Community and political activist leaves legacy

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Photo:  The New Citizens Press

Photo: The New Citizens Press

By Cameron Billes
Ingham County Chronicle

The people of Ingham County suffered after the loss of an idealized mother, grandmother and friend.

Mary Lou Pittman, a community and political activist, passed away Sept. 16.

Pittman was born and raised in Lansing, and had spent more than 40 years helping the Ingham County community.

Pittman’s political career began in 1967, when she helped catapult Joel Ferguson into becoming the first African-American on the Lansing City Council. It was not until helping Ferguson that Pittman caught the political bug.

Ferguson said she always wanted to help others out before herself. “She was one of the most energetic, giving persons you will ever meet,” Ferguson said.

Rina Risper, the publisher and owner of The New Citizens Press and a fellow activist with Pittman, says Pittman’s biggest impact was that she got the elderly and handicapped motivated to vote.

“She got individuals who were not involved in the political scene, into the political scene,” Risper said. “She put her heart and soul into making sure people got the resources they needed, especially the elderly.”

Pittman was also active at her church, Mt. Calvary Baptist Church, spending time on the usher board.

Joe Lane, a fellow church member at Mt. Calvary for several years, said Pittman participated as long as she was healthy enough. “She was just an outstanding member and an outstanding person,” Lane said.

Sarah Anthony, the commissioner of District 3 in Ingham County, and a friend of Pittman, attended the funeral Sept. 24.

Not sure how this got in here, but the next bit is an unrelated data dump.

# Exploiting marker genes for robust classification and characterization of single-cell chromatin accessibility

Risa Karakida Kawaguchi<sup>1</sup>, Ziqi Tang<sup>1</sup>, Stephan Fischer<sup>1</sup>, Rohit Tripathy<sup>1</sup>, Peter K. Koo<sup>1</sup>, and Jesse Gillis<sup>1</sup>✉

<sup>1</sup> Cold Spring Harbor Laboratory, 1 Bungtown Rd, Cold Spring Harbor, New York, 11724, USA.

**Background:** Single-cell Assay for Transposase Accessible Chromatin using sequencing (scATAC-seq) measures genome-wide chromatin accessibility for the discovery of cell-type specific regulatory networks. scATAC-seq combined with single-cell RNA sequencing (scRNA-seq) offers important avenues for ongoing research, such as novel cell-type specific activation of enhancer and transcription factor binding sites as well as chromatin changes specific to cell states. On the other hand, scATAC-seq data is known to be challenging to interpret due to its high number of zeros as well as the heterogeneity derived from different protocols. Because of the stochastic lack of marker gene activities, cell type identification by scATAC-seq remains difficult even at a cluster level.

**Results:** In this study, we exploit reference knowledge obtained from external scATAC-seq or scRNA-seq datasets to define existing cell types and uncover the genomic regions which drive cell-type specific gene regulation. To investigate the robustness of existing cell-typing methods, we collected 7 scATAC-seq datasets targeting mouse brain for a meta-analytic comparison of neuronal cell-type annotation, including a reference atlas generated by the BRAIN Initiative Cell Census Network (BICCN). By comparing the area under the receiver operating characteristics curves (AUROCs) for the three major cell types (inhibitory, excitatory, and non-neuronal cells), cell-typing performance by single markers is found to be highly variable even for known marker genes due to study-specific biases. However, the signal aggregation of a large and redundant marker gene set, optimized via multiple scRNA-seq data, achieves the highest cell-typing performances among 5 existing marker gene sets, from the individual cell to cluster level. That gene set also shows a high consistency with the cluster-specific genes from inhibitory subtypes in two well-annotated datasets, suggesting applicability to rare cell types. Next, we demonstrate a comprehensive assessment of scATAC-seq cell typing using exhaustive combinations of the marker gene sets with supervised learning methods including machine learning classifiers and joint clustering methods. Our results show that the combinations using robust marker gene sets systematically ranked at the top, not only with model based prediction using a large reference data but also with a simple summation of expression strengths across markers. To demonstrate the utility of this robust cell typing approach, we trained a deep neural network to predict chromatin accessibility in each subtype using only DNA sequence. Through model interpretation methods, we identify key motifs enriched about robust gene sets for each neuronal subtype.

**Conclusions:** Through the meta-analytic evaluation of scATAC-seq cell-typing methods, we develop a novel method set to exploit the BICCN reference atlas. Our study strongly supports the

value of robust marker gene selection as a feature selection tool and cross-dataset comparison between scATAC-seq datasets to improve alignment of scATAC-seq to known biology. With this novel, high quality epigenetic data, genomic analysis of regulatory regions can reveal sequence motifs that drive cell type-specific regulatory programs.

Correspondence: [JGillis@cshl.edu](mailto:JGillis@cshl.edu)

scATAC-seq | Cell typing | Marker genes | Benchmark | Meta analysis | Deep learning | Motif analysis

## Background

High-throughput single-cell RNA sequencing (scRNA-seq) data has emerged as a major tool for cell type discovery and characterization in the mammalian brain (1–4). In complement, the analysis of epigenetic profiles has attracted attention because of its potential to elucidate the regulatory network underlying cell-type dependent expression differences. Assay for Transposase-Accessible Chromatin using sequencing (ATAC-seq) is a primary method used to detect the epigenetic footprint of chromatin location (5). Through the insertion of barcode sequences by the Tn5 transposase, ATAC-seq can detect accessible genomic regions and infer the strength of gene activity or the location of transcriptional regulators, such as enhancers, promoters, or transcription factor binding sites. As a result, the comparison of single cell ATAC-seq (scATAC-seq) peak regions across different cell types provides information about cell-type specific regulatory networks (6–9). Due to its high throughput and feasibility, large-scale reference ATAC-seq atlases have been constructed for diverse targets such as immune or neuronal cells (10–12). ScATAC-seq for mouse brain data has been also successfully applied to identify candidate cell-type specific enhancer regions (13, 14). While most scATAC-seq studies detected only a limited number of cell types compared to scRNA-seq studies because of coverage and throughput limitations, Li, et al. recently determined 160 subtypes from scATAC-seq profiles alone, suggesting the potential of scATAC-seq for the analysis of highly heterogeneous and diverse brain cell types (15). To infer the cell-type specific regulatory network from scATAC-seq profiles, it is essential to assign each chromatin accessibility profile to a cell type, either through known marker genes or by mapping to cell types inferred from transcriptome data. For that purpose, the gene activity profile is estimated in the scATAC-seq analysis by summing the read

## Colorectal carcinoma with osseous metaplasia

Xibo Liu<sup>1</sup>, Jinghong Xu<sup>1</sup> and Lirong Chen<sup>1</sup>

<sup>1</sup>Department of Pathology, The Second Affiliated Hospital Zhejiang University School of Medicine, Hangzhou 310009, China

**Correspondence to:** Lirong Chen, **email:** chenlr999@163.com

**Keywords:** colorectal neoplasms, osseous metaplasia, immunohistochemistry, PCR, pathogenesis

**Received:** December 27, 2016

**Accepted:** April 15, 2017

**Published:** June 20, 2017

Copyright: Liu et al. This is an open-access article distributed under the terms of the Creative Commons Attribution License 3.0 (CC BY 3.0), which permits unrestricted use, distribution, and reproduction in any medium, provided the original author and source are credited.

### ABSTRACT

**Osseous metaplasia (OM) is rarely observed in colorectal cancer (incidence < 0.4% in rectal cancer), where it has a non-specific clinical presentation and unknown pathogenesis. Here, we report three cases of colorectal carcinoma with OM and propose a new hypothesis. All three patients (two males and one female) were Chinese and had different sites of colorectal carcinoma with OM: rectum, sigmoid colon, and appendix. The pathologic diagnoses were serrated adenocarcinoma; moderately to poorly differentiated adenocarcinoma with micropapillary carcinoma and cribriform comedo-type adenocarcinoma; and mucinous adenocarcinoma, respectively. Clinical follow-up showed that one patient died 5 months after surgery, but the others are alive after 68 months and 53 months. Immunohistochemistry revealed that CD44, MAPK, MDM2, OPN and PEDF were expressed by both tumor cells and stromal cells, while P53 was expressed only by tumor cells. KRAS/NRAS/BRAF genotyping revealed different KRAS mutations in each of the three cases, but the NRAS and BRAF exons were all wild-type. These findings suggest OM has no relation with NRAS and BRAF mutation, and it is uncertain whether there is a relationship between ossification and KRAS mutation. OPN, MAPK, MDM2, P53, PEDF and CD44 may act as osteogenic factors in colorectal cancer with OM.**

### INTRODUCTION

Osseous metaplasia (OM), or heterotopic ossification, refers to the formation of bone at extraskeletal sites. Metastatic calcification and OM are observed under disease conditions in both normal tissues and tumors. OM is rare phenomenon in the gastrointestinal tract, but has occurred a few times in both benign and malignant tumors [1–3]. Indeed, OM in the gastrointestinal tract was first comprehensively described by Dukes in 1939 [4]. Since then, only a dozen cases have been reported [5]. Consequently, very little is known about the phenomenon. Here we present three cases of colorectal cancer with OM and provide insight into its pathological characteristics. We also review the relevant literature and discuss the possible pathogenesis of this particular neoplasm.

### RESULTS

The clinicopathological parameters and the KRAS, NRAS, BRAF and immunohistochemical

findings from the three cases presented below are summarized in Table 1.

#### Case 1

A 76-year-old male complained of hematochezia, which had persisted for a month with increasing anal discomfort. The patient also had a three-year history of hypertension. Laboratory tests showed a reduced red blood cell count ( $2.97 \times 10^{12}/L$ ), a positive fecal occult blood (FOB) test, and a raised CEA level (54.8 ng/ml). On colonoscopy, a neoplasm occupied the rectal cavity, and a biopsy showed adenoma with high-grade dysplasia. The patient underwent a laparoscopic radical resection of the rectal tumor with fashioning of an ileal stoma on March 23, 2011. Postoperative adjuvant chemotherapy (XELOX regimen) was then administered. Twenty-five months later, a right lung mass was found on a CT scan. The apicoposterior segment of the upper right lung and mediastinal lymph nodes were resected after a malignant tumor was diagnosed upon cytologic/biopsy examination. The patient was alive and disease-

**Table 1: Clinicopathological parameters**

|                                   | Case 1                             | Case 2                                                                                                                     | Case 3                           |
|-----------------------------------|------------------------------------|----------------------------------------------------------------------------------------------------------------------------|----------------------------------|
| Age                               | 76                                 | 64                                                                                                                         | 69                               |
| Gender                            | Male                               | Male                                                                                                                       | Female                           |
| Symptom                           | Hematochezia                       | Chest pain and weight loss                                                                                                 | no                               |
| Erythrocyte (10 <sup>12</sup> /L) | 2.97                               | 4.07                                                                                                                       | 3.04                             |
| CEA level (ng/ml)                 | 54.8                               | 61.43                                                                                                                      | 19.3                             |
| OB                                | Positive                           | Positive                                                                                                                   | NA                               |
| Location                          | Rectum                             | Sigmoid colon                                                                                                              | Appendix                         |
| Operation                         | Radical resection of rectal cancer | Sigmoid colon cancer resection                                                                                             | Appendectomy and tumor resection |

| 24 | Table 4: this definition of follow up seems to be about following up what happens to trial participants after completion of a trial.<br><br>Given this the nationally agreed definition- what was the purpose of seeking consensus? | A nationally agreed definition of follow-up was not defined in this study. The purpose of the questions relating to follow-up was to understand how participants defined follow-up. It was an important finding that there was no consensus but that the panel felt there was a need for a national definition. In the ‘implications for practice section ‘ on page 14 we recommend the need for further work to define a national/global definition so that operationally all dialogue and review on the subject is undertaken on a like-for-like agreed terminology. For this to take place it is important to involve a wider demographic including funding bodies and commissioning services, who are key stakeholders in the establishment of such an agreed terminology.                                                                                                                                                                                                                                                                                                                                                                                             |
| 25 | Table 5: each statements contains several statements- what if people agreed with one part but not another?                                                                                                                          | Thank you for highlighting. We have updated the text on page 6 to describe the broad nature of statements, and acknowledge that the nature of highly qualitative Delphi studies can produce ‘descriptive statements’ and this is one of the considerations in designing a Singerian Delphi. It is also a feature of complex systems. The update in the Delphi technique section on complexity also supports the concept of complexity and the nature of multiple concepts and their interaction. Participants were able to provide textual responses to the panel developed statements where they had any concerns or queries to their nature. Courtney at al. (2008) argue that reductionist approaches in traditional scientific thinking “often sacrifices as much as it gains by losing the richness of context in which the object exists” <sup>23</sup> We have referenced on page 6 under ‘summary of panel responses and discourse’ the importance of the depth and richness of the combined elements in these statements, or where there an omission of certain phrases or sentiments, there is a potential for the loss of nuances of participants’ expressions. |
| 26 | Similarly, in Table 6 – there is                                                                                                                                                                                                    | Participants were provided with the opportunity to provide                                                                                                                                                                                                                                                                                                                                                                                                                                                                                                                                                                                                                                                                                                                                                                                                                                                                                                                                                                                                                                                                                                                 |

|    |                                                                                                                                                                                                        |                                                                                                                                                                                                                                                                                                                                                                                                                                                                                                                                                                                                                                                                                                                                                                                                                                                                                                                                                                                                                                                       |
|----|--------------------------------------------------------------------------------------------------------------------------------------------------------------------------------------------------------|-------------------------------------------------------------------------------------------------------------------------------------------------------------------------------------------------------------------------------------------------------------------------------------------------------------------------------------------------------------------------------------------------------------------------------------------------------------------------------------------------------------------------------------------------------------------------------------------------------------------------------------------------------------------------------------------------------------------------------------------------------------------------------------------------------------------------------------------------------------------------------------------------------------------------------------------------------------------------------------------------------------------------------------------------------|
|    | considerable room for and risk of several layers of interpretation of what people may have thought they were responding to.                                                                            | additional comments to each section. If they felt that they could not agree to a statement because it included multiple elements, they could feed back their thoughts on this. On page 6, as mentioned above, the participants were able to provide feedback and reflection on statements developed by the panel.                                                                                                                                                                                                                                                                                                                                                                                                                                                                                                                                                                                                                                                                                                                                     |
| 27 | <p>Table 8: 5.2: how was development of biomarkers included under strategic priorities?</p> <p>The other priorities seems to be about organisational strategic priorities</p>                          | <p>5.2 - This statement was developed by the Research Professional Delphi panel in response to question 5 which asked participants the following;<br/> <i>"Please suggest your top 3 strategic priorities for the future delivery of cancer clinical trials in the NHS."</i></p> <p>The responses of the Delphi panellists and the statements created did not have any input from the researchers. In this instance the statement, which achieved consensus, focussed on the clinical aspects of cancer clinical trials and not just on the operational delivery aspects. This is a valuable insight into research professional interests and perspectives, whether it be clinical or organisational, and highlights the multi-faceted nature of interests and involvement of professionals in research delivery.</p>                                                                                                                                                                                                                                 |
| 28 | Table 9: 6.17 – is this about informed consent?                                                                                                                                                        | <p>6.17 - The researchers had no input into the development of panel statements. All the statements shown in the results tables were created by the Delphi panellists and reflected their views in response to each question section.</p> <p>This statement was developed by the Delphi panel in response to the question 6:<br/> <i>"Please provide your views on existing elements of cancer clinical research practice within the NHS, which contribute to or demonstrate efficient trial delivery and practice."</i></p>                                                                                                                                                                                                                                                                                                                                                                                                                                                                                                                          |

“It was like a who’s who when it came to politicians,” Anthony said. “It was phenomenal to see how many lives she touched in the political realm.”

Anthony said Pittman helped her run for the Lansing School Board by always telling her how it was and welcoming her with open arms.

“She helped a lot of people get into office,” Anthony said. “She was a powerhouse when it came to getting people elected.”

Aside from working with the elderly and helping in political campaigns, Pittman also found the time to work with the foundation and family outreach program, Men Making a Difference.

“(Pittman) had a lot of tenacity and grace and would give to individuals who were in need,” Risper said.

Pittman was a mother of nine, grandmother of seven and great grandmother of four. For her service to the community, the Ingham County Board of Commissioners honored her in their meeting Sept. 23.

Andrew Brewer, an extended family member to Pittman and volunteer for Men Making a Difference, said that people really enjoyed how Pittman was willing to sit down and listen to them.

“The impact was real,” Brewer said. “All the things she did was genuine.”

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